The cut was pretty bad, and as such; Ramos’ trainer urged him to step up his efforts and throw more punches.
It took a few rounds of nagging from his corner, but for whatever reason; Ramos came out to fight in the 7th.
All through the round, you could tell something was different.
Mostly defensive and counter-oriented, Ramos lost the majority of the rounds in the fight purely based on his sinfully low punch output.
In the 7th, Ramos poured it on and went on the attack.
From the opening few seconds of the round, Shimoda went from being an indefatigable and confident young champion; to a fighter on the run.
Ramos backed Shimoda up for much of the round, something he hadn’t done for 1 second in any of the earlier portions of the fight; and indeed, seemingly couldn’t miss with his right hand.
Gassed or hurt, or maybe both; Shimoda spent his last moments in the fight stumbling backwards, seemingly without any answers to his opponent’s assault.
Stepping back and around the left side of Ramos amid a torrent of punches, Shimoda walked right into a cracking left hook that sent his jaw from one corner of the ring to the other.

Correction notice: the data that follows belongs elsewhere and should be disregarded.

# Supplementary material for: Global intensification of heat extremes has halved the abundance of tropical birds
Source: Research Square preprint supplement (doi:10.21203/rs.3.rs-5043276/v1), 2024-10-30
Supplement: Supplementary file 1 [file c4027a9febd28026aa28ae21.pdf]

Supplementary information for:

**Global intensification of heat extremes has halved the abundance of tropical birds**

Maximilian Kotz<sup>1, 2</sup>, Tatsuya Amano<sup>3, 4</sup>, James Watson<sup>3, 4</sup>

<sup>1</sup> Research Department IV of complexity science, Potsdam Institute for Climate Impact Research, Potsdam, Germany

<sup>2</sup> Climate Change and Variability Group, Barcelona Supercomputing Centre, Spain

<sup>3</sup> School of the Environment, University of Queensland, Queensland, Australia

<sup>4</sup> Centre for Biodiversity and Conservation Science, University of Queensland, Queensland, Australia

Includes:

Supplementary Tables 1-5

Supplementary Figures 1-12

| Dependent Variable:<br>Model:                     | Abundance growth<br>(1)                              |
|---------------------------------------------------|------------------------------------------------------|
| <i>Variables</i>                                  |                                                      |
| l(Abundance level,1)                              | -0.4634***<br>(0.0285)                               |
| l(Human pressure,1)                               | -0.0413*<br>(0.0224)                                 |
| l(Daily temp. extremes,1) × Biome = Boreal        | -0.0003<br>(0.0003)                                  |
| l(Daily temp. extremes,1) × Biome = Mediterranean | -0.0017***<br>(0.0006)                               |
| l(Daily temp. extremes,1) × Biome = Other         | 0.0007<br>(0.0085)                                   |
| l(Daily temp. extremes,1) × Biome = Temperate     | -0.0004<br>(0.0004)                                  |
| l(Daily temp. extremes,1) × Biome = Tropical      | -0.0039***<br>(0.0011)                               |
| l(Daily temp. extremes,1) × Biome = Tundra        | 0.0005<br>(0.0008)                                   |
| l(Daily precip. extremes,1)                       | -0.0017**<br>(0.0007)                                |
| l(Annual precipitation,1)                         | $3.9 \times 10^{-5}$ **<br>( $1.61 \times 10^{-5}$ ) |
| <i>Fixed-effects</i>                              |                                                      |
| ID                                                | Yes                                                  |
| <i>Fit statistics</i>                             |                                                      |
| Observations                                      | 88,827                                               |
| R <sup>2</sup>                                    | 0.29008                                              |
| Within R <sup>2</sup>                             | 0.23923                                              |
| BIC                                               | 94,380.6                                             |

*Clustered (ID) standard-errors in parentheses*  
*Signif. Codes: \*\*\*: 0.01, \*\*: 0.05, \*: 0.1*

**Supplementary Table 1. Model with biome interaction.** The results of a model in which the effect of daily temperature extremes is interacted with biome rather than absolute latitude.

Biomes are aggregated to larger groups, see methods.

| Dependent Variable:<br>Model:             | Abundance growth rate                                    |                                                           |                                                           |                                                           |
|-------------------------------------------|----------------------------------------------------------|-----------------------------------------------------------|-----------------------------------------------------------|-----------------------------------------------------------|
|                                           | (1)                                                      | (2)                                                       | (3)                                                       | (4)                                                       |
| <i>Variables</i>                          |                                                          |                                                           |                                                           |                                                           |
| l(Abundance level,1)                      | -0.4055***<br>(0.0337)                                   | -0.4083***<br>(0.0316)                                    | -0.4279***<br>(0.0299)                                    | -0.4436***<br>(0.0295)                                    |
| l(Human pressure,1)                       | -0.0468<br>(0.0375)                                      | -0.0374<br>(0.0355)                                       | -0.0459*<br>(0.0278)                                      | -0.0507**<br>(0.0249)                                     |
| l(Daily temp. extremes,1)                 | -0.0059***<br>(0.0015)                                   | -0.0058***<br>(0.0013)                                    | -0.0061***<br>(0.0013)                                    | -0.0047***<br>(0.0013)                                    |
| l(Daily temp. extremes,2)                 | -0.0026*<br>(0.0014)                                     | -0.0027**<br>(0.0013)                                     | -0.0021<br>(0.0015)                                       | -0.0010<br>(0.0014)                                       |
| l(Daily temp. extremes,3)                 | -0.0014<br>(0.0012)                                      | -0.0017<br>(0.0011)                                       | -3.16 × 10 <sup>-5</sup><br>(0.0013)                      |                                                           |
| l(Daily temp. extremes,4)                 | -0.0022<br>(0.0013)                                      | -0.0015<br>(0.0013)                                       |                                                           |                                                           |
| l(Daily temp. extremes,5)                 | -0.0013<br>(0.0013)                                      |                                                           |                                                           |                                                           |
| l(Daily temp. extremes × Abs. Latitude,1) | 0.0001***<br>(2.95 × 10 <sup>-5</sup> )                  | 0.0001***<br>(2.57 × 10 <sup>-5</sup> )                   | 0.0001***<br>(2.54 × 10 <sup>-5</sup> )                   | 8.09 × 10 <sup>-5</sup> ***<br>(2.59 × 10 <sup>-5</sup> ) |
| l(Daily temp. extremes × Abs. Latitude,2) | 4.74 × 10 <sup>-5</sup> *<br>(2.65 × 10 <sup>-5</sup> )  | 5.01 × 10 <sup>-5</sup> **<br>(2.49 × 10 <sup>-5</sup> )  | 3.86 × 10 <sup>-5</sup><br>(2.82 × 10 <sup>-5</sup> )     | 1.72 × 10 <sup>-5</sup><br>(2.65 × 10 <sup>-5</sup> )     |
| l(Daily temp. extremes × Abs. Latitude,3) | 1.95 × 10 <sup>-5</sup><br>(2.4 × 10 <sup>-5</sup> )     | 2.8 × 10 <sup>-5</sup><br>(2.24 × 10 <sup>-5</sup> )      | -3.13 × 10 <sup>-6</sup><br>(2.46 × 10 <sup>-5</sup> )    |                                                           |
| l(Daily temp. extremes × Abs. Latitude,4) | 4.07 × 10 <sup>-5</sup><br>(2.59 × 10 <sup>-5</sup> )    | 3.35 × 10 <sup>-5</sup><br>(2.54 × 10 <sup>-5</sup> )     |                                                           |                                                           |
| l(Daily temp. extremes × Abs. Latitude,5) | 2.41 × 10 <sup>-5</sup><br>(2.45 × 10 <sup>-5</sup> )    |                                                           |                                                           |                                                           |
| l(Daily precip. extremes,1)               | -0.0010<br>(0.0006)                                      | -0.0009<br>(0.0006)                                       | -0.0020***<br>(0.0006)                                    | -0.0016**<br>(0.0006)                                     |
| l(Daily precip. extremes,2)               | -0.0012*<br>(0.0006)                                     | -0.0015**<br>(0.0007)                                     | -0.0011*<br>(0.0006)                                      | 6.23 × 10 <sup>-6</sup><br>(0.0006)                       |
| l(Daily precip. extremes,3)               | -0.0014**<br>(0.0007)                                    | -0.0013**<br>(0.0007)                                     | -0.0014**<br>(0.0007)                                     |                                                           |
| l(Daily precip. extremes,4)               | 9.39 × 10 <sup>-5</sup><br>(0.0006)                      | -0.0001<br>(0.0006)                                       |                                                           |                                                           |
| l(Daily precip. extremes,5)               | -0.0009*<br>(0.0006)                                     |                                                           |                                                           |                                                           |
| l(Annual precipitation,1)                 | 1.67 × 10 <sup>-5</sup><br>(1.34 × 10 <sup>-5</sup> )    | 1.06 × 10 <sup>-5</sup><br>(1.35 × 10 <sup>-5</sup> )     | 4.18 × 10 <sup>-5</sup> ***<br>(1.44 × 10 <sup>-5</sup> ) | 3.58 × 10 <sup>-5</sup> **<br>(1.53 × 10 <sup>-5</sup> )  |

Oh yeah, and he went down too.
Splayed out on the mat, utterly devoid of consciousness, Shimoda’s last act before the referee’s stoppage was to clumsily, and pathetically rise to his knees and face first onto the mat.
In watching that 7th round, you got the sense that, had Ramos asserted himself earlier in the fight, there’s a good chance he would’ve walked right over Shimoda.
While there was no clear disparity between the 2 fighters in terms of technical ability, the difference in guts and raw athletic power seemed fairly evident during the final round.
It saddened me to see Shimoda lose his title, knowing full well that he; nor likely any other Teiken fighter would likely be making their way over to the states any time soon.
Personally, I fail to see the beauty of Kameda and his brother Daiki’s collective souls, so here’s hoping Nishioka makes his way over here someday.
Hopefully he’ll fair better than most Japanese fighters seem to.